I wanted to see more operas, but I still knew very little about opera, so I started doing online research to find the best versions to watch. This led me to Opera Lively (based on the Desert Island DVDs thread I watched Abbado's La Cenerentola, which I found utterly delightful).

    Around this time, I made my very first opera purchases: a cassette tape of Pavarotti hits, another of Christina Deutekom Scenes and Arias, and Kathleen Battle Sings Mozart, all at thrift stores (so much cheaper than iTunes!), which I listen to periodically in my car (among other genres...). Then, I found a VHS of Don Giovanni at a Flea Market for a dollar (yes, I still have a VCR), which got me to thinking what operas I could find on eBay. There, I bought MacBeth (Claude d'Anna's film version with Shirley Verrett and Leo Nucci) on VHS, and I just recently purchased a DVD of Dvorak's Rusalka (2014 Met with Renee Fleming) which I am really excited about, but have not yet had a chance to watch. Do you know what that means? I now have my first ever Unwatched Pile (albeit with only two items: Rusalka and Don Giovanni)!

    In the last couple of months I have been reading forums on this site with increasing regularity, and tonight I finally got around to becoming a member. I hope I can provide some sort of positive input or insight to Opera Lively.

    I am currently in college with a Philosophy major, Biblical Studies concentration, and Music minor. I play in the University Orchestra and am taking voice lessons for the first time. I am also starting a string quartet next semester (I'm so excited!).

    Well, that's all I can think of. I'd be happy to answer any questions!
    What ho pip pip old chap and welcome to OL!
    Natalie

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  5. #4
    Opera Lively Moderator Top Contributor Member Amfortas's Avatar
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    Welcome, Bertie. I hope participating in this site only furthers your growing love of opera.

  6. #5
    Opera Lively Media Consultant Top Contributor Member Ann Lander (sospiro)'s Avatar
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    Hello Bertie and welcome to the forum! What a wonderful start to your opera journey and I envy you your lifetime of exploration. I loved your 'point of no return' - once this happens you have to accept that opera is a part of your life.

    There are as many differences of opera opinions as there are opera fans and I look forward to hearing about your discoveries.
    "The world calls them its singers and poets and artists and storytellers; but they are just people who have never forgotten the way to fairyland."
    Lucy Maud Montgomery

  7. #6
    Senior Member Veteran Member Povero Buoso's Avatar
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    Some operas I consider must watch are Il Trittico by Puccini and Rigoletto by Verdi (There's a nice version on YouTube with subtitles starring Pavarotti and Wixell). These are my favourite operas and Il Trittico is perfect for those of a short attention span containing as it does 3 brilliant one hour operas and Rigoletto is just awesome in general. In addition if you liked Villazon and Netrebko's Boheme try their La Traviata its also on you-tube with subtitles and is a fascinating production. Also the Met On Demand is quite a cost effective way to explore a lot of the main repertory (as long as you watch a lot of opera). Its about 15 dollars a month but the first week is free and if you watch 4 operas a month it balances out quite nicely. I myself am even newer to opera but have dived into the deep end somewhat and since watching my first in May or June have watched/heard about 30 different operas and one operetta since "with all except one online".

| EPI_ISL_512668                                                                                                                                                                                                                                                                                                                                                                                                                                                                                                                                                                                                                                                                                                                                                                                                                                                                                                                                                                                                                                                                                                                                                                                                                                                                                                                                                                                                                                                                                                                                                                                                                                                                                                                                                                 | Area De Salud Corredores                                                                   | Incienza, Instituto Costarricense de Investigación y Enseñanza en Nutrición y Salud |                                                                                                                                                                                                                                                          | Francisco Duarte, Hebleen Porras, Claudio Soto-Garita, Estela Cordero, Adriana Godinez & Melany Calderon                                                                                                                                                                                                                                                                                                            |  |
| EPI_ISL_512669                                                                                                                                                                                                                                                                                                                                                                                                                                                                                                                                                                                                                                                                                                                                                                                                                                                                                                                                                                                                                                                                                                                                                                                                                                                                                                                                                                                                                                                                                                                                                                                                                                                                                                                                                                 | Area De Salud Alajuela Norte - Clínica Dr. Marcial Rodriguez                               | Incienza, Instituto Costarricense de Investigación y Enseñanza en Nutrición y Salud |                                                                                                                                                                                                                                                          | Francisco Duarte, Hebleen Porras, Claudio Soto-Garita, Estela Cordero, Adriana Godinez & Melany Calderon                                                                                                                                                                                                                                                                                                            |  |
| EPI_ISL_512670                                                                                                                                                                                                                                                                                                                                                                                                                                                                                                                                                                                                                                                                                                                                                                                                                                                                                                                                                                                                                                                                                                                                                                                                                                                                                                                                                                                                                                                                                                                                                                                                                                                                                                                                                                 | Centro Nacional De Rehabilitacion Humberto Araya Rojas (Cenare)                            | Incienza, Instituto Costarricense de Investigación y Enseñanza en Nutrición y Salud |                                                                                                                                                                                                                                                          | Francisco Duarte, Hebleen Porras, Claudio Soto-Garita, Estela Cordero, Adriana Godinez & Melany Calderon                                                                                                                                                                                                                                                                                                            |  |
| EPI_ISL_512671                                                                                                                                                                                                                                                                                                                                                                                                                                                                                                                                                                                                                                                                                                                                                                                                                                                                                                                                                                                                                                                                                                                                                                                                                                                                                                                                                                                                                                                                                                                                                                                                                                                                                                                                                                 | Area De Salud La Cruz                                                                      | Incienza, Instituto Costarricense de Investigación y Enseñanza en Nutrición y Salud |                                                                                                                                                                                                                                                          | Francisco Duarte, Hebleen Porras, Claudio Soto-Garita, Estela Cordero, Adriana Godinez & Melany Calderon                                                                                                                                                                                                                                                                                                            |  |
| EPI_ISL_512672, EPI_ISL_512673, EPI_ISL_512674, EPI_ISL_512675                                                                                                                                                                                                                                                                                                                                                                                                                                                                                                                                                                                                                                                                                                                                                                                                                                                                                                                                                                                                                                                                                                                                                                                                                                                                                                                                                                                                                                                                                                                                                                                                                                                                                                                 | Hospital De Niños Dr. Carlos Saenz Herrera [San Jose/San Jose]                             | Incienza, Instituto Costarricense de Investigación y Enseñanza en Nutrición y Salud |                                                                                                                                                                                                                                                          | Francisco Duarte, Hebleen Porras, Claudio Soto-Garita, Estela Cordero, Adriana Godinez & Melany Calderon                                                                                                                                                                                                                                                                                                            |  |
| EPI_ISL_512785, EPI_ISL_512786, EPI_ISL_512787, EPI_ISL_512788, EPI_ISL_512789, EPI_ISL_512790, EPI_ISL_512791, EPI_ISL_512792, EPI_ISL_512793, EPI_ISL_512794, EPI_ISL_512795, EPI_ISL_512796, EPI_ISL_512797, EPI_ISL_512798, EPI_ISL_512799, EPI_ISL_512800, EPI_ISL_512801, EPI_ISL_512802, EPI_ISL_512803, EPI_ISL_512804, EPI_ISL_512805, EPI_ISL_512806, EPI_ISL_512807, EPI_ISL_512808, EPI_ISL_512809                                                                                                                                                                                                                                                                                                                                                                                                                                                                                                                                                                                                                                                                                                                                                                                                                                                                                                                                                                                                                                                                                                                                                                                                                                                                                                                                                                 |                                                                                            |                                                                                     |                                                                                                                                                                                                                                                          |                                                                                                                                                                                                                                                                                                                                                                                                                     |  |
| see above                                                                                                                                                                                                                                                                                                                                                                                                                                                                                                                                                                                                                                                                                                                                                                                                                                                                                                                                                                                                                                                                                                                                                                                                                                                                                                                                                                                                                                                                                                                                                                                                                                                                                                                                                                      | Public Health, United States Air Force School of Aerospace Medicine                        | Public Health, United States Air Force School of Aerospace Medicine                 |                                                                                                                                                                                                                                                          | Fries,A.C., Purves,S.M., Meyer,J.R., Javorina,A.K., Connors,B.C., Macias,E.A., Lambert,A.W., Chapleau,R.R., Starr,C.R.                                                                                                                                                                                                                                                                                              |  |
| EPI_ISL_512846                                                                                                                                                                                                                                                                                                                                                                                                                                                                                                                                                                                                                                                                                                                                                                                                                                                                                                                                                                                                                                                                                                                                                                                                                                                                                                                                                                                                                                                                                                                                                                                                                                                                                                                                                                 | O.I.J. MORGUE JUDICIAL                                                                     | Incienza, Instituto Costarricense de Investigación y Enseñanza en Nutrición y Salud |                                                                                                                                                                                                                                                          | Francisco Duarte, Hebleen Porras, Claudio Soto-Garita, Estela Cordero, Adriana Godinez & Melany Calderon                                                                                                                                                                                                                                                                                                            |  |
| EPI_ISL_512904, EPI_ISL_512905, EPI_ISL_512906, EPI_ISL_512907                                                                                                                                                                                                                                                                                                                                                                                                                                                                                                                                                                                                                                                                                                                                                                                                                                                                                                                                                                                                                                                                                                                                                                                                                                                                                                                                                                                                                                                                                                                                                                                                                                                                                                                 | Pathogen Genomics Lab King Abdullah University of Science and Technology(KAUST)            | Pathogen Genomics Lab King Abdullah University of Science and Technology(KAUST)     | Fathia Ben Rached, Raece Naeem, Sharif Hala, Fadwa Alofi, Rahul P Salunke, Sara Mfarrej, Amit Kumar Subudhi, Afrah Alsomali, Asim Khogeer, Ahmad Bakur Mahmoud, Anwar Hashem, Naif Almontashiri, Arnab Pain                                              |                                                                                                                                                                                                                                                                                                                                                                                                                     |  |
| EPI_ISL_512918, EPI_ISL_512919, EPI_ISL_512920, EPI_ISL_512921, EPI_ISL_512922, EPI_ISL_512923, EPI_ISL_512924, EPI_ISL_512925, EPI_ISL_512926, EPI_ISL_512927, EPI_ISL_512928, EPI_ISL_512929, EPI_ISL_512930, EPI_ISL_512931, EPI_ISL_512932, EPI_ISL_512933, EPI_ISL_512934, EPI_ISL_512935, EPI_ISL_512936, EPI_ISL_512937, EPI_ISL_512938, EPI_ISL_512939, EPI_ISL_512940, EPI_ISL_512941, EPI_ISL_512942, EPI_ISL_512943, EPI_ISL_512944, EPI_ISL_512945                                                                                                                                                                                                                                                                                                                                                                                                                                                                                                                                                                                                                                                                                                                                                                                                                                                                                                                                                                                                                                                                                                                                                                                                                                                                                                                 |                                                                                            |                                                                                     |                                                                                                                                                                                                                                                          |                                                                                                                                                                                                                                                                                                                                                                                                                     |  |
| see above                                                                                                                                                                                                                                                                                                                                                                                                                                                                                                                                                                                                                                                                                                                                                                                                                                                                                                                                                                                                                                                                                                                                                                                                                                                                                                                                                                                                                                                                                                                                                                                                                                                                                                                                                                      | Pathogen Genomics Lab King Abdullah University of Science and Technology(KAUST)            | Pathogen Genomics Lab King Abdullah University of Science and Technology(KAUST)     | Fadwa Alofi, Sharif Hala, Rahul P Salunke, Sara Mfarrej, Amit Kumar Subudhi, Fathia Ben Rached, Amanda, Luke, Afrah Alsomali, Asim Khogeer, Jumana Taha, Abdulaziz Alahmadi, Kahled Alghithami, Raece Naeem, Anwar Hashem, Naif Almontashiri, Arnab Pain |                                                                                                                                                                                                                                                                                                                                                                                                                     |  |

"Non sono in vena" Rodolfo summing up P.B's feelings on his dissertation.

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  9. #7
    Opera Lively Staff Member Top Contributor Member Hoffmann's Avatar
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    Hi Bertie,
    Welcome to OL! This is a great forum, with lots of knowledgeable folks with a passion for opera. I got my first taste when I was 21, so about your age - I am retired now, but opera, quite unexpectedly, has provided a lifetime of pleasure.

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  11. #8
    Opera Lively Site Owner / Administrator / Chief Editor Top Contributor Member Luiz Gazzola (Almaviva)'s Avatar
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    Welcome to Opera Lively, Bertie. It's such a pleasure to read a story like yours! I hope you enjoy the site and our community and continue to develop your passion for opera.
    "J'ai dit qu'il ne suffisait pas d'entendre la musique, mais qu'il fallait encore la voir" (Stravinsky)

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  13. #9
    Junior Member Recent member Bertie Wooster's Avatar
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    Thanks, everyone!

    In response to Festat, I have found the Complete Operas on YouTube thread and it has been useful. I was excited to find several Russian operas on YouTube (I am learning Russian) and I might watch Boris Godunov next (I listened to the overture and loved it).

    In response to Povero Buoso, I will look into the Met on Demand, but right now I don't know how much use I would get out of it. I have been working a lot over Christmas break and my class load next semester is rather heavy. Also, that is an impressive number of operas! I think I have seen twelve or thirteen complete operas (I have a list somewhere).

    Oh, and to Soave Fanciulla, what ho?

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  15. #10
    Senior Member Veteran Member Povero Buoso's Avatar
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    In regard to Russian operas first stop has to be Eugene Onegin! It is a beautiful opera and is easily the most performed Russian work in the repertory (with good reason). It has beautiful roles for soprano,tenor and baritone and other voice types get arias or duets at different points as well that are also exquisite. All in all its a definite highlight that should be watched!
    "Non sono in vena" Rodolfo summing up P.B's feelings on his dissertation.